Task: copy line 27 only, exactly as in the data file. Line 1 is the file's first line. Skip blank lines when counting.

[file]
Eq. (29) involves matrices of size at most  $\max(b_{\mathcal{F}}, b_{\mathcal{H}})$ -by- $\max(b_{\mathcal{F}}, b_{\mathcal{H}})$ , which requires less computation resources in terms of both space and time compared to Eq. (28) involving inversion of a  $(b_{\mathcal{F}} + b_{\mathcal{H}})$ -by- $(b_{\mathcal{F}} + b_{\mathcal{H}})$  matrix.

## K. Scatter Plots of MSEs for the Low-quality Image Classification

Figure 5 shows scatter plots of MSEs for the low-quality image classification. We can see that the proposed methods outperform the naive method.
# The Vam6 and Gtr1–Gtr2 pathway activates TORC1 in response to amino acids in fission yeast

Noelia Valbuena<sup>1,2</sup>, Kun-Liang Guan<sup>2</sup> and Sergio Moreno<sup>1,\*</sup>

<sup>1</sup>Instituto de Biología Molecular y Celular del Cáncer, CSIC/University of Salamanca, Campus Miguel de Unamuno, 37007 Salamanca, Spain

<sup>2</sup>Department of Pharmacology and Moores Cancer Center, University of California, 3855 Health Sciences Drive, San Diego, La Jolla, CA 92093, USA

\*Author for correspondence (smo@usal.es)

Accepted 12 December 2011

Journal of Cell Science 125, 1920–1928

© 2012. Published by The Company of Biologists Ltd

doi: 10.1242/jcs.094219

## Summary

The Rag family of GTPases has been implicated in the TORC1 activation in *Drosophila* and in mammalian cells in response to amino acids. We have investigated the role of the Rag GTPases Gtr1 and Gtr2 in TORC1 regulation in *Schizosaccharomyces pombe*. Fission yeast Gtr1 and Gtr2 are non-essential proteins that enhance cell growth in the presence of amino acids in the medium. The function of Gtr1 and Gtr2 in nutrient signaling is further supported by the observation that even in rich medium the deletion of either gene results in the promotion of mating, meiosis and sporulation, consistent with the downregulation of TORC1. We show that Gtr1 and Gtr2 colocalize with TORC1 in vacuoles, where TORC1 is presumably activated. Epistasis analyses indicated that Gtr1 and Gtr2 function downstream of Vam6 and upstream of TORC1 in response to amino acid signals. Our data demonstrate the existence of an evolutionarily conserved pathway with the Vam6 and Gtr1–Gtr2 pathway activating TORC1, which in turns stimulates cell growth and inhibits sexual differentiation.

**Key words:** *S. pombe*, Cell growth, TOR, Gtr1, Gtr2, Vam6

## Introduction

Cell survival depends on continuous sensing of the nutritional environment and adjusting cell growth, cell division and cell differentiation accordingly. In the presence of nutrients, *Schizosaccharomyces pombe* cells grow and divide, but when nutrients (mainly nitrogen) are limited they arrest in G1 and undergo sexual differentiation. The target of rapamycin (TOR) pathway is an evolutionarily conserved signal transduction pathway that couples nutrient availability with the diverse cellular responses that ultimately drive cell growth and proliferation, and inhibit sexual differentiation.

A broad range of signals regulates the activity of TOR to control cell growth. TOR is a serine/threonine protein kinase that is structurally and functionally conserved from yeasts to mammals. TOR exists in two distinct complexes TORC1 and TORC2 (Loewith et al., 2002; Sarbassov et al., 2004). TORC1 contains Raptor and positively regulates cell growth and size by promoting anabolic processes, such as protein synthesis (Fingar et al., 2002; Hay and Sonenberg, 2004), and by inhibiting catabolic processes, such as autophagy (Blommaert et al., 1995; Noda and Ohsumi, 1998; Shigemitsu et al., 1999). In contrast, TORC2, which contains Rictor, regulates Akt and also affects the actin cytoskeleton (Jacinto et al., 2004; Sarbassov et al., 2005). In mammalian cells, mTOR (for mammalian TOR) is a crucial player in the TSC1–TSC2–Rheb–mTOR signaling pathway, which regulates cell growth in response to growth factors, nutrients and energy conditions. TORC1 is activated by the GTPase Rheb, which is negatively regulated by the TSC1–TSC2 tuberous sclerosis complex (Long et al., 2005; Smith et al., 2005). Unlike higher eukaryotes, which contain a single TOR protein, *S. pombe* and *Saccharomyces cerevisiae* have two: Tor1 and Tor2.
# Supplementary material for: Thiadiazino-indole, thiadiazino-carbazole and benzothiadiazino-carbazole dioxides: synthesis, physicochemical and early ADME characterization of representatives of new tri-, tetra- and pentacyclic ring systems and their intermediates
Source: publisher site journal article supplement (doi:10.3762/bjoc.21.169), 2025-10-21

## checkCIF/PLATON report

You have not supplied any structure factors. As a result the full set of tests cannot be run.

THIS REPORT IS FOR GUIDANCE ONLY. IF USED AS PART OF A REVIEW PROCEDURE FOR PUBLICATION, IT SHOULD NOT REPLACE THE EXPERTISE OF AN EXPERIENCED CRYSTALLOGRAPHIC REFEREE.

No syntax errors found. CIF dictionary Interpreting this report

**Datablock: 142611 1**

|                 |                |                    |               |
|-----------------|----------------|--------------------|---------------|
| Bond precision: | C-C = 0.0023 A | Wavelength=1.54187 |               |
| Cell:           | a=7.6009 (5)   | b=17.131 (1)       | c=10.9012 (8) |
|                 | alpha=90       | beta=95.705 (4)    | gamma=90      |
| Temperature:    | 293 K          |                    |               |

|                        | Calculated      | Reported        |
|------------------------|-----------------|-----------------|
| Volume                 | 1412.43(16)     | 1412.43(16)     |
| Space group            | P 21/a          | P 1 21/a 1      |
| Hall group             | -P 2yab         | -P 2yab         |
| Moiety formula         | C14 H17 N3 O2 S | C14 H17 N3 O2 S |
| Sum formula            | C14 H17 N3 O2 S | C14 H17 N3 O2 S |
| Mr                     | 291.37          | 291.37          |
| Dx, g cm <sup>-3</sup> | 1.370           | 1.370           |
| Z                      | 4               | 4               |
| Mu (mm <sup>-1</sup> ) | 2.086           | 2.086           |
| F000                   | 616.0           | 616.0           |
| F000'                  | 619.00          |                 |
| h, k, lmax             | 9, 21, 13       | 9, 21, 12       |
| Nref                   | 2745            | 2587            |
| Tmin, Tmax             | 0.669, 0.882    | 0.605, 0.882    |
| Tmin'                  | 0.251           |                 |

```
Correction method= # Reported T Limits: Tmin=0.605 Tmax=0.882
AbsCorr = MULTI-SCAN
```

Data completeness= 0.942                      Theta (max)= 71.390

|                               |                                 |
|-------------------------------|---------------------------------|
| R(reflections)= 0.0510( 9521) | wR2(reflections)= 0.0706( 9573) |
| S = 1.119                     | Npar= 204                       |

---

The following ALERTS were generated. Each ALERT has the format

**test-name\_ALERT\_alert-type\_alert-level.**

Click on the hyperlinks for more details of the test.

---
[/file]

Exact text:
|-----------------|----------------|--------------------|---------------|